What are your key priorities when you choose new cereal varieties? It’s a given that success depends on selecting options that best suit your farm’s unique growing conditions and management style. But there’s another major consideration, one that so far only best-in-the-business farmers place at the top of their ‘must have’ list: end-user (ie: miller or processor) demand.
Last Thursday, I got a call from a southern Manitoban farmer who, thanks to years of discussing new varieties together, has become a friend. I was right in the middle of spreadsheets but, since a call from Tom is always a great reminder of why we do what we do and – ultimately – who we do it for, I reached for my coffee and a pen.
“Jim,” he said without pausing for small talk, “what’s this I’m hearing about CDC Endure?”
Our new oat variety, CDC Endure, offers outstanding agronomics and yield, but that’s not why Tom called me.
Let me back up a bit and give you some context.
Selling a new seed variety to farmers is done similarly by almost all seed companies. The formula goes like this: seed companies acquire the rights to a new variety; spend several years doing seed production before commercialization; then sell, sell, sell it to farmers; and only then start considering marketing to end-users.
Over the years, hundreds of thousands of acres of all kinds of new and promising varieties have been planted, with farmers crossing their fingers that millers, processors or other end-use buyers will like and buy the grain from that new variety. In more cases than not – and often through no fault of the variety – the end users don’t latch on as hoped and a market demand never materializes. I’ve watched countless high-potential varieties from all different seed companies fizzle out in just the same way.
It’s time to turn that time-worn formula on its head.
For farmers, improving the odds for success with a new variety requires prioritizing marketing considerations from the start. While agronomics are critical, so too is knowing before you plant that someone wants to buy that new option.
But it shouldn’t all land on the producers’ shoulders: seed companies need to rethink their role in the production and marketing process too.
Alliance Seed is a seed distributor that, like several other seed companies, deals primarily in bulk cereal commodities from Western Canada. What makes us different is that we have a direct link to the end user: we were created in large part because our owners/shareholders (P&H, Paterson Grain, and NorthWest Terminal) wanted better access to varieties that suit their specific needs.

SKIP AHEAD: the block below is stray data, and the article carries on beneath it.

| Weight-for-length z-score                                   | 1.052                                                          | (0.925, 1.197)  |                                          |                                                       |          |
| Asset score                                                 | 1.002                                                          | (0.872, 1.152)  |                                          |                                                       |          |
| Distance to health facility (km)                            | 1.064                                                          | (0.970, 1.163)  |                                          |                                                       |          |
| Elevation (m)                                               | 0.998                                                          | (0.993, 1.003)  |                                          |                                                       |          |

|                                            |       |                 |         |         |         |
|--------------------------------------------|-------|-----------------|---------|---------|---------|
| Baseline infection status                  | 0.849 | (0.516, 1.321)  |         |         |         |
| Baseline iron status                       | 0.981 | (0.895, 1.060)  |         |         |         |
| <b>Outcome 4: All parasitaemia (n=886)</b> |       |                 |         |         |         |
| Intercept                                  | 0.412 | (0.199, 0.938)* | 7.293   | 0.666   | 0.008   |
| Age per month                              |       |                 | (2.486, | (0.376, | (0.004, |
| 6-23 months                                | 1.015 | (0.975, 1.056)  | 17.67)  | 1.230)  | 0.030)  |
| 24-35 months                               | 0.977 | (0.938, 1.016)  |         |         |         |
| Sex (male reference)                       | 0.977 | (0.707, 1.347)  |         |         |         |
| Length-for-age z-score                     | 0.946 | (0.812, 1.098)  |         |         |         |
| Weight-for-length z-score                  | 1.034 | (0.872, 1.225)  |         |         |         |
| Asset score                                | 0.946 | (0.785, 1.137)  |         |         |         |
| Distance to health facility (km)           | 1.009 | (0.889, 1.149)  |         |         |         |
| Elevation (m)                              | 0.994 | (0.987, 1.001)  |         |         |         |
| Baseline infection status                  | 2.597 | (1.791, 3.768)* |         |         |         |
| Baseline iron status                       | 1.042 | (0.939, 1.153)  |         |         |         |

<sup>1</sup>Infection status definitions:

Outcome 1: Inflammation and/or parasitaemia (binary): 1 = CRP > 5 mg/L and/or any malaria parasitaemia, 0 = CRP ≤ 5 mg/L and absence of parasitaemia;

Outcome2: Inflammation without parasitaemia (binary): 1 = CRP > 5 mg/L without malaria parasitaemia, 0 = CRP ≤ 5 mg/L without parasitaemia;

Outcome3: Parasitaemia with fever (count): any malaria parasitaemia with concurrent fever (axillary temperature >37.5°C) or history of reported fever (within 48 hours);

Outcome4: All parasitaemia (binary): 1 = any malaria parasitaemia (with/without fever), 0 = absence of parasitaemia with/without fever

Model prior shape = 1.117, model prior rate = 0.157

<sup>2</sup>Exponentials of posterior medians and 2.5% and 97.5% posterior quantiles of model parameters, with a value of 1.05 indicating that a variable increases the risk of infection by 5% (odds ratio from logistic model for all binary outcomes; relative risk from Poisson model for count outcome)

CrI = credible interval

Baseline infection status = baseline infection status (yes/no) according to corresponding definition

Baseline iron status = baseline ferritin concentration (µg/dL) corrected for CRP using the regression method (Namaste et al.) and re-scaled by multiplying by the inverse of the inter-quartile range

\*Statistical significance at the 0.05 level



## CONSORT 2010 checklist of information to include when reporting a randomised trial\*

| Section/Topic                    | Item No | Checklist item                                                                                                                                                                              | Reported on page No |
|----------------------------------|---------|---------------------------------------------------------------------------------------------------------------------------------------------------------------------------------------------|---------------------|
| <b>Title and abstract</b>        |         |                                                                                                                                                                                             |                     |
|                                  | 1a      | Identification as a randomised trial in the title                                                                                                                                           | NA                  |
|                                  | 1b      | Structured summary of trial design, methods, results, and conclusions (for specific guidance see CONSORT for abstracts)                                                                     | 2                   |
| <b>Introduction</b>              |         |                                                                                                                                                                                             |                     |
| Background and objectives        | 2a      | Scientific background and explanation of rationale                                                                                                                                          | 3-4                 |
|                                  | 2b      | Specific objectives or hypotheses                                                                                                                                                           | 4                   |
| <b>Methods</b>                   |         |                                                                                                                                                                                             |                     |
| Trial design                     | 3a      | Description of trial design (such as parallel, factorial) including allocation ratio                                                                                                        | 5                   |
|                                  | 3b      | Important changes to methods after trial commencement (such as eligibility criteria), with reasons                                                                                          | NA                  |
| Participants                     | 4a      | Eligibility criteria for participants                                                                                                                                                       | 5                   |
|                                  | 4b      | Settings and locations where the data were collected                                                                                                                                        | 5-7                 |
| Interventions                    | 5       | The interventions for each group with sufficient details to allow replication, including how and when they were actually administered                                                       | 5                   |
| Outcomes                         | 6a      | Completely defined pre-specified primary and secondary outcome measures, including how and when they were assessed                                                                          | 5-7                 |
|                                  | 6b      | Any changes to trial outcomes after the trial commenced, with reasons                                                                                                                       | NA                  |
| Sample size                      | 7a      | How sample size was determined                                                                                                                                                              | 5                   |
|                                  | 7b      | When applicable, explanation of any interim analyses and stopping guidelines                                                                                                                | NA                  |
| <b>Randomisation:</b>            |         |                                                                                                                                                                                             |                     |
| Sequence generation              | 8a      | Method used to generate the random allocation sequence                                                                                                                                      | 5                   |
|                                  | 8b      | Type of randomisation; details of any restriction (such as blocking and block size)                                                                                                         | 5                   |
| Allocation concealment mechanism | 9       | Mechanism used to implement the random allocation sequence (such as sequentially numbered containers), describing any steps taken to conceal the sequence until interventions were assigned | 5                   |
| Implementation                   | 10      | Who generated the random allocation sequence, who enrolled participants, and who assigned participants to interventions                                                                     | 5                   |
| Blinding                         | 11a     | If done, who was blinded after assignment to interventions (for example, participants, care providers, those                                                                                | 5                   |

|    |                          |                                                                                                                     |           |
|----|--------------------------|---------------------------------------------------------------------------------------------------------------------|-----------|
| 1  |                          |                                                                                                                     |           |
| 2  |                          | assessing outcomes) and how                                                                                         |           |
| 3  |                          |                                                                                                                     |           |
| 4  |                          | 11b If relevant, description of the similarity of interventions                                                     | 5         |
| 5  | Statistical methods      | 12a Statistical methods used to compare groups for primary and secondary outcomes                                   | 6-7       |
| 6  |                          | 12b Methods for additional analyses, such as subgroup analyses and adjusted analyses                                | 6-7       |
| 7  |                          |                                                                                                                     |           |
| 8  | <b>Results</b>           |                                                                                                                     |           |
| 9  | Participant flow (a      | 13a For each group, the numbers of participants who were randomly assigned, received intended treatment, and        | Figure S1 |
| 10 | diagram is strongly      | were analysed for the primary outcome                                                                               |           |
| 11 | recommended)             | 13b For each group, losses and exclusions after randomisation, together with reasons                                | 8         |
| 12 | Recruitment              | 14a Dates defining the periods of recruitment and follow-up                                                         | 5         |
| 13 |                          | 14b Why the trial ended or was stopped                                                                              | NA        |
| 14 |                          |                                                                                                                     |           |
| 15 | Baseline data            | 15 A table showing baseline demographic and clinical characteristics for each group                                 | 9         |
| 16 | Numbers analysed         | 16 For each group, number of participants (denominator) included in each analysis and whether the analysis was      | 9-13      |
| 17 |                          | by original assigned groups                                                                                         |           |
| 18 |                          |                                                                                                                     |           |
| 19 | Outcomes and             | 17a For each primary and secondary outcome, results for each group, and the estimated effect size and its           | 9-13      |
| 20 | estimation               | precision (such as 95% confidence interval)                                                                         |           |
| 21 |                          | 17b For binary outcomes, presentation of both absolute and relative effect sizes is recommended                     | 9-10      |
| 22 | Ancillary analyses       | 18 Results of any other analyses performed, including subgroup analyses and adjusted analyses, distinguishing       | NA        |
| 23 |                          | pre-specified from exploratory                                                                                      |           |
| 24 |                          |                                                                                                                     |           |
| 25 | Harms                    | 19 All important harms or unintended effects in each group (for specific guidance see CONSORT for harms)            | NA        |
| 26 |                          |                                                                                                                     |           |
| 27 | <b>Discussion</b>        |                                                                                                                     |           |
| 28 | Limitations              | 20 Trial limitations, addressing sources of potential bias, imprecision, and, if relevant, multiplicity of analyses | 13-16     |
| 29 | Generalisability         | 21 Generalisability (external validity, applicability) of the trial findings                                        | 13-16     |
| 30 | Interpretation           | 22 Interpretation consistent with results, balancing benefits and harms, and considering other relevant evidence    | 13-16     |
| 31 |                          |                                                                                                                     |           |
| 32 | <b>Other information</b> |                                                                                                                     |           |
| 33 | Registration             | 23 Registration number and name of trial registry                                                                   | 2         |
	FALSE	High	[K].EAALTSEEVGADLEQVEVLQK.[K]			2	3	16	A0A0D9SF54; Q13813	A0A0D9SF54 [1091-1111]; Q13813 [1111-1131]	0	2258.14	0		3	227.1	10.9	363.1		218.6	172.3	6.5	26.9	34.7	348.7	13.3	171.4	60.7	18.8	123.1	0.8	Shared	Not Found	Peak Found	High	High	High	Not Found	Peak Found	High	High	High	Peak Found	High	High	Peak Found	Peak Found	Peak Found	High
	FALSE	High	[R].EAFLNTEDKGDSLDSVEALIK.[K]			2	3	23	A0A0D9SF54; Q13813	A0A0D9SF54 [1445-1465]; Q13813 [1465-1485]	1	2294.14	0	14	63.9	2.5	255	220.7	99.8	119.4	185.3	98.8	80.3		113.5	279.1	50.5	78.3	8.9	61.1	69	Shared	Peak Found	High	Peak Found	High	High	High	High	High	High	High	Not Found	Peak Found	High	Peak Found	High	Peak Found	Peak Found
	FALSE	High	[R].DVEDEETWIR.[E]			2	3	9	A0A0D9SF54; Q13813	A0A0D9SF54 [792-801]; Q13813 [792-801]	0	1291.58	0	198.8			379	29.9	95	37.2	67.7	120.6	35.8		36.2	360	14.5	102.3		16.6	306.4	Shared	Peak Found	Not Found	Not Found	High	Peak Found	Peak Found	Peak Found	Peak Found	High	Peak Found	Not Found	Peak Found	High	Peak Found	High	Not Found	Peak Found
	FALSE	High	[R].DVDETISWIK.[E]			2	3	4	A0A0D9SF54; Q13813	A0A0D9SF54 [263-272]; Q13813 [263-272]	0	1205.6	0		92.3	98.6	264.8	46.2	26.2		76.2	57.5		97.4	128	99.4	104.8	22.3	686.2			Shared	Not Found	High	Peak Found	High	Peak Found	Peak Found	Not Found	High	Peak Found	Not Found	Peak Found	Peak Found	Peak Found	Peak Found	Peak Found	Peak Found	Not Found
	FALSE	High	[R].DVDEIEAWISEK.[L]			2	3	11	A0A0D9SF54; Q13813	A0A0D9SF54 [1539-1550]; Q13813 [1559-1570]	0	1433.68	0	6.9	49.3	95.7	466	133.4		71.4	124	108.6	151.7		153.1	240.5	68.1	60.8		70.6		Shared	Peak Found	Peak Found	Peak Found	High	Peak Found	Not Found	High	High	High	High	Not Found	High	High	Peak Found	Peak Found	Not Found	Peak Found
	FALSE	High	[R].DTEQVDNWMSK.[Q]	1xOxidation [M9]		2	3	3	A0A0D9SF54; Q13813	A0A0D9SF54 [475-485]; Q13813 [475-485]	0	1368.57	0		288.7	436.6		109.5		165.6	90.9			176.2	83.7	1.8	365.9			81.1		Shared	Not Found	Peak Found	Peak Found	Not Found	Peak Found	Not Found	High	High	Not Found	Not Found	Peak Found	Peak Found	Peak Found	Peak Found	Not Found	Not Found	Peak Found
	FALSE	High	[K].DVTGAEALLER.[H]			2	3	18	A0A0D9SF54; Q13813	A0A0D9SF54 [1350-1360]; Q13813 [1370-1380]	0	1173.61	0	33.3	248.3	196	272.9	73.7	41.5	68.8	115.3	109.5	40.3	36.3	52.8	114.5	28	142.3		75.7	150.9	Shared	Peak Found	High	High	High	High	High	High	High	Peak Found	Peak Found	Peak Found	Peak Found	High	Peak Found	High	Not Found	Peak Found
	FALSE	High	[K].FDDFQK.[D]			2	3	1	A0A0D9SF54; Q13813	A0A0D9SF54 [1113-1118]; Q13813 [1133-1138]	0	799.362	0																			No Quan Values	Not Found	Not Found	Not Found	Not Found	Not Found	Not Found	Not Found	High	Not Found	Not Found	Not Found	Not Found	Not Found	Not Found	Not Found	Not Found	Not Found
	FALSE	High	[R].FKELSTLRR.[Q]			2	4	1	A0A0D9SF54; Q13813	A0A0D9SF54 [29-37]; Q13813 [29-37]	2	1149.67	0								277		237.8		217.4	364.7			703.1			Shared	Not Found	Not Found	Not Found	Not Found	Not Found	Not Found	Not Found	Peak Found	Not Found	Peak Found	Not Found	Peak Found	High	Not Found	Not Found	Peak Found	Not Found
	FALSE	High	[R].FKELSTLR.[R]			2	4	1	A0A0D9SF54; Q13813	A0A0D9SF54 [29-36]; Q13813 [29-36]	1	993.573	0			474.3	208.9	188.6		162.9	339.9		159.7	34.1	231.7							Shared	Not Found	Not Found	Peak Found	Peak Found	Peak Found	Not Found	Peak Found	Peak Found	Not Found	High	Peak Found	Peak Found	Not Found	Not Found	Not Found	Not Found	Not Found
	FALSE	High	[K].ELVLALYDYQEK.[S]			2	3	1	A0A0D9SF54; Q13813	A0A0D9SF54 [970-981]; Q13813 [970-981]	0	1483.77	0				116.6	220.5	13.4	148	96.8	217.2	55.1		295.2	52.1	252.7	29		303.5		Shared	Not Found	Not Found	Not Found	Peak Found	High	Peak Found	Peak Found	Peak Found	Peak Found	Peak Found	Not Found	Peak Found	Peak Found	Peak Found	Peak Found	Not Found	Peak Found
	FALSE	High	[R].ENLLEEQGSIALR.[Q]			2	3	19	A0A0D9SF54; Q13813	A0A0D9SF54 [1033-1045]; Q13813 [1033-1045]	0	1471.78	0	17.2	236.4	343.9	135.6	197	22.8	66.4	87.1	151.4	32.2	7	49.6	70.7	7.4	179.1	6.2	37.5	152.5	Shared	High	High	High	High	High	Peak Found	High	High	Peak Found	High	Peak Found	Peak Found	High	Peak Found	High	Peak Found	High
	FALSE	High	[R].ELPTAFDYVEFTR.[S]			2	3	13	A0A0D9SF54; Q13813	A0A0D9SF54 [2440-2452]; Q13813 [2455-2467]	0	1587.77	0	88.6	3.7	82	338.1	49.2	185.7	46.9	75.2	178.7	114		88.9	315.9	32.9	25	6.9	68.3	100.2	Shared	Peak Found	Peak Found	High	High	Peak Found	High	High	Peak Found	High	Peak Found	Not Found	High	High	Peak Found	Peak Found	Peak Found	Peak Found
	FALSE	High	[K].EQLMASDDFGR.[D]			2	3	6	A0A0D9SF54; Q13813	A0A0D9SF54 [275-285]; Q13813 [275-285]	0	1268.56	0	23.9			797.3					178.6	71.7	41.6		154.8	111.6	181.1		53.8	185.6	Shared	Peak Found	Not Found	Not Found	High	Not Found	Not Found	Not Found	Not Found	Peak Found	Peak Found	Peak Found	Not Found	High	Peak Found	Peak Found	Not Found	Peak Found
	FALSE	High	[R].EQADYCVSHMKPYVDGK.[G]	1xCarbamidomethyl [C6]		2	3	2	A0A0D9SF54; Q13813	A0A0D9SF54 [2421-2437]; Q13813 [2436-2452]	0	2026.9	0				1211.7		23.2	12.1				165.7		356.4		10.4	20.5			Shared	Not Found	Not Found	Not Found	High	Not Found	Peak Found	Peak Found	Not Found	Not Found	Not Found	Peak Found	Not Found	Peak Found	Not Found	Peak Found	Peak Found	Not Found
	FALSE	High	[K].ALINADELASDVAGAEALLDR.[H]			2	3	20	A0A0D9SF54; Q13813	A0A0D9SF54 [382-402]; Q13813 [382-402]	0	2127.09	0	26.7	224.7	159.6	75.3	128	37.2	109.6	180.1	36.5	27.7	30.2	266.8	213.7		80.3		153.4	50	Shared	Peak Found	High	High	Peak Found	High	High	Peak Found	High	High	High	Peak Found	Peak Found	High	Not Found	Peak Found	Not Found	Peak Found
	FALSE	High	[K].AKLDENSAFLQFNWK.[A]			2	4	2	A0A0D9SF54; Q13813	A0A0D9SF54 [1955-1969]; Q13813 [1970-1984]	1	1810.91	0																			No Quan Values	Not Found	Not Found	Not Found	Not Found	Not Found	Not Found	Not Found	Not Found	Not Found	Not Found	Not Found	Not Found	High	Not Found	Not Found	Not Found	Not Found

Because of that communication link directly to buyers, we’re committed to a very different way of variety development. We start the conversation about new variety development by first asking what end users need, then we find unique varieties to suit those specific needs, and then – and this is the critical part – we invest time and effort to build demand among those end users before the new variety is launched.
CDC Endure is Alliance Seeds’ first oat variety commercialized using the buyer-up formula. It was chosen based on the specific needs end-users identified, and – though it won’t be available to grow until 2022 – we’ve been actively promoting it to millers and processors for nearly three years. Our goal is that, when producers finally grow it for the first time, every major oat buyer in North America will not only be ready and waiting for it, they’ll be asking for it by name.
My friend Tom is a top-tier farmer: as savvy a businessman as he is skilled in maximizing yield in his fields. By the time he dialed my number last week, he’d already reached out to contacts he’s got at two major oat end-users.
“What they told me,” he said, “is that they want CDC Endure.”
I almost stood up and cheered. Welcome to a new and better way of choosing varieties.